Bryan James Epis, the first person associated with a California cannabis dispensary to duke it out at trial with federal prosecutors over medical marijuana, has had 2 1/2 years whacked off his mandatory 10-year prison term.
Epis, who has been locked in a pitched battle with law enforcement over his cultivation and use of marijuana for almost 20 years, is an inmate at the Terminal Island Federal Correctional Institution in Southern California. He now should be released in early 2014 instead of September 2016, and will be supervised by probation officers for 10 more years.
The 45-year-old Epis established a cannabis club in Chico, one of the first in the state after passage in 1996 of a California ballot initiative permitting medicinal use of marijuana with a doctor's recommendation.
At the conclusion of a highly publicized trial a decade ago in Sacramento federal court, he was found guilty of conspiring to produce 1,000 or more plants at his home within 1,000 feet of Chico High School. The crime carries a mandatory minimum 10 years behind bars. He was free for much of the intervening time pending efforts to overturn the conviction.
The rare agreement, which was approved Tuesday by U.S. District Judge Garland E. Burrell Jr., is surprising on multiple levels:
Federal prosecutors signed off on it, yet they have zero tolerance for defendants who do what they say Epis did grow pot out of a greedy hunger for huge profits.
The government had argued for years that Epis deserved no reduction because he was less than forthcoming at a debriefing by prosecutors and agents.
The original sentence is statutorily mandated and had been upheld on appeal.
The trial prosecutor, Samuel Wong, is known as one of the toughest in the business on pot growers, yet he agreed to the reduction.
At a hearing on June 4, Wong, who has been a federal prosecutor for 26 years, told U.S. Magistrate Judge Gregory G. Hollows he was "awaiting information from the Department of Justice regarding vacating a judgment of conviction that has been upheld." He said it was unprecedented in his experience and he wanted to make sure he was doing everything right.
A common thread that has run throughout the case, starting with the trial, is Epis' claim that Wong relied heavily on false and misleading evidence, and arguments regarding a spreadsheet seized during a search of his home that the prosecutor knew had nothing to do with the charges in the indictment.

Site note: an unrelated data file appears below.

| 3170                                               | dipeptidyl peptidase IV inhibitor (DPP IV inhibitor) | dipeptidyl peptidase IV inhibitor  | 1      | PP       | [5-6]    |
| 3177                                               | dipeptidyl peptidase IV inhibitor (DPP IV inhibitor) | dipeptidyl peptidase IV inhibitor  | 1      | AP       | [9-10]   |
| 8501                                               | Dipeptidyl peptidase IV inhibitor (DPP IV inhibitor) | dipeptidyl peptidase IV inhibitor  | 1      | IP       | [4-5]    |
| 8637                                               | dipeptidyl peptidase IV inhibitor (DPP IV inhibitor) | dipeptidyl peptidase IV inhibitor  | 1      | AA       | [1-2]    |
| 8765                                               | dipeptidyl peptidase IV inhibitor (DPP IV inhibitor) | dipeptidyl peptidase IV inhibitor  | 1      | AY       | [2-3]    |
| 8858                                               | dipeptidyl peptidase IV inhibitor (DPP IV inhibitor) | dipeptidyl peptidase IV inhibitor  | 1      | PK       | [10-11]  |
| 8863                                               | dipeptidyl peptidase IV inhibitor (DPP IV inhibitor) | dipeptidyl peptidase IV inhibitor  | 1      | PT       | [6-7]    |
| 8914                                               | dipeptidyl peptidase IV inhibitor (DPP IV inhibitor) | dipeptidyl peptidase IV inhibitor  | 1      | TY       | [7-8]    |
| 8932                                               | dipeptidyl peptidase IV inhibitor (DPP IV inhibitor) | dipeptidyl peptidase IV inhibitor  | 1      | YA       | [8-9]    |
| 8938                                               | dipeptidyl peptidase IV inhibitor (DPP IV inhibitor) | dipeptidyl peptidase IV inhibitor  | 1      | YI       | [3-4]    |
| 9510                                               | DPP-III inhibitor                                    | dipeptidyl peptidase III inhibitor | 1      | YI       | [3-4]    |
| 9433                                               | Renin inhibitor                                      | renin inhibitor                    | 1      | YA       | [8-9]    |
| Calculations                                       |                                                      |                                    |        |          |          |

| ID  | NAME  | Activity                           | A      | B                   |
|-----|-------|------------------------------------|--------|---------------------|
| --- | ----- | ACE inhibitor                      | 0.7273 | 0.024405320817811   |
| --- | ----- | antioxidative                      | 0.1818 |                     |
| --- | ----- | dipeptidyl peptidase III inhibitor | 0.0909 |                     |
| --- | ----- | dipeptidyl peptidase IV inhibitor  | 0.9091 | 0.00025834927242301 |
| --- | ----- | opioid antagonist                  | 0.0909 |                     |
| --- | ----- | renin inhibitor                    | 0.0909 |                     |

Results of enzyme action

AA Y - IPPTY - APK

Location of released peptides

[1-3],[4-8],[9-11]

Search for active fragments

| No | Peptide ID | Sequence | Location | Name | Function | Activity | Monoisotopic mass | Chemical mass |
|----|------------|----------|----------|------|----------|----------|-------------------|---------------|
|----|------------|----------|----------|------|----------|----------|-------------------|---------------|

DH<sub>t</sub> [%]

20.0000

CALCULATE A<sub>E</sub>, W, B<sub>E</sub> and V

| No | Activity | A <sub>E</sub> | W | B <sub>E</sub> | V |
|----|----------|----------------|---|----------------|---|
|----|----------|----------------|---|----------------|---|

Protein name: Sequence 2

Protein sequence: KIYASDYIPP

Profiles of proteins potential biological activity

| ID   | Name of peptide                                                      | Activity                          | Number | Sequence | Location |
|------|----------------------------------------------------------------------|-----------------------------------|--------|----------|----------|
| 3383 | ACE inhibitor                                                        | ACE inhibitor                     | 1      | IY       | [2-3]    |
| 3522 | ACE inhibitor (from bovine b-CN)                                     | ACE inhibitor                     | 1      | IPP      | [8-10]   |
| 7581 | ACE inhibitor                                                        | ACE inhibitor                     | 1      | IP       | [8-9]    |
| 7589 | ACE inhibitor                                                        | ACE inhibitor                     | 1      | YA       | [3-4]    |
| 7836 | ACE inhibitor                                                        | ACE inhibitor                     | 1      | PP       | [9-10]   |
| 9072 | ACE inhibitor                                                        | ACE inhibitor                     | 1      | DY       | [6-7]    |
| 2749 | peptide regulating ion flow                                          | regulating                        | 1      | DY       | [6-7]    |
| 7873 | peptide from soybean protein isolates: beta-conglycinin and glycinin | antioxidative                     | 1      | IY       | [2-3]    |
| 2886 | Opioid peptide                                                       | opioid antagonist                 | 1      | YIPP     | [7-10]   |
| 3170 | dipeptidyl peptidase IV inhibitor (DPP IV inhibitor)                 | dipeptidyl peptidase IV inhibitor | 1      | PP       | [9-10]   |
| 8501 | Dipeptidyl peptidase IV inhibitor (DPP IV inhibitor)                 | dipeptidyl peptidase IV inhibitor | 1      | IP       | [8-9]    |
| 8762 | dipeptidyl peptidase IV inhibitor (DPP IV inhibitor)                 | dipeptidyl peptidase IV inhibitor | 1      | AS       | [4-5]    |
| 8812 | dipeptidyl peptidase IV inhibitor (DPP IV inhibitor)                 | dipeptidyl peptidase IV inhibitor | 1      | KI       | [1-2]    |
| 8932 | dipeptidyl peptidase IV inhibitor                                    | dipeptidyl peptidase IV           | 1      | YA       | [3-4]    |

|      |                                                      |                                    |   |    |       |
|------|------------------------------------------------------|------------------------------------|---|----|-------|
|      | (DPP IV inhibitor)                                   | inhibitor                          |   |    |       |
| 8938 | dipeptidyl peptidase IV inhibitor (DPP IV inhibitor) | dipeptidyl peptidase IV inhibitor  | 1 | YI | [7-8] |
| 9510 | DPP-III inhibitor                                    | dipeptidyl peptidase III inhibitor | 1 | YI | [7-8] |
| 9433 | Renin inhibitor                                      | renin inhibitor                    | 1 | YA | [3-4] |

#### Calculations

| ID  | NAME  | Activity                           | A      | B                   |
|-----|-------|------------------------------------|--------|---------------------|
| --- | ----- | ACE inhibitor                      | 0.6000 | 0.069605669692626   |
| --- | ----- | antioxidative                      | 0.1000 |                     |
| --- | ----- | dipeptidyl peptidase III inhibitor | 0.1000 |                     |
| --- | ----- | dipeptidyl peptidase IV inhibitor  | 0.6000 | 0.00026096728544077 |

Wong heatedly denies the accusation, arguing an appeals panel rejected the claim.
In April, Hollows scheduled an evidentiary hearing on the issue for June 13. At a pre-hearing conference on June 4, Epis attorney John Balazs and Wong informed Hollows they had reached an agreement.
The settlement document says, "Epis agrees that there was no misconduct or wrongdoing by the United States, its attorneys, its agents, or anyone acting on its behalf in this case."
U.S. Attorney Benjamin Wagner said Tuesday a recent U.S. Supreme Court opinion may have made Epis' challenge more viable.
"As set forth in the settlement agreement, Bryan Epis claimed that his trial attorneys rendered ineffective assistance to him with respect to their advice concerning the United States' pretrial plea offer," Wagner said in a prepared statement. "As also detailed in the agreement, his trial attorneys did not refute that claim, and under recent Supreme Court precedent, Epis therefore might have been entitled to some relief."
Famed San Francisco lawyer J. Tony Serra, who was lead defense counsel at the trial, and lawyer Zenia Gilg, who worked primarily on pretrial motions, testified in depositions earlier this year that they didn't recall their advice to Epis on the plea offer.
The settlement agreement came in the context of a pleading known as a habeas motion filed by Balazs in January 2011 seeking "to vacate, set aside or correct" the sentence.
Epis, who has a law degree, said Monday that, "given the risks involved in further litigation and the low track record of success in habeas cases in general, I accepted the government's offer despite all its conditions."
One of the conditions Wong insisted on was that Epis give up his constitutional right to speak out in favor of medical marijuana and across-the-board legalization through the end of his supervised release. Epis stands as a symbol among marijuana advocates of the sacrifices they feel have been made in the face of an intractable federal stance on the drug.
"Although we had strong claims, I understand and concur in Bryan's decision to accept the government's offer in order to get back to his family as soon as possible," Balazs said Monday. "At the same time, it seems un-American for the government to insist that Bryan give up his First Amendment right to advocate for the reform of our country's marijuana laws."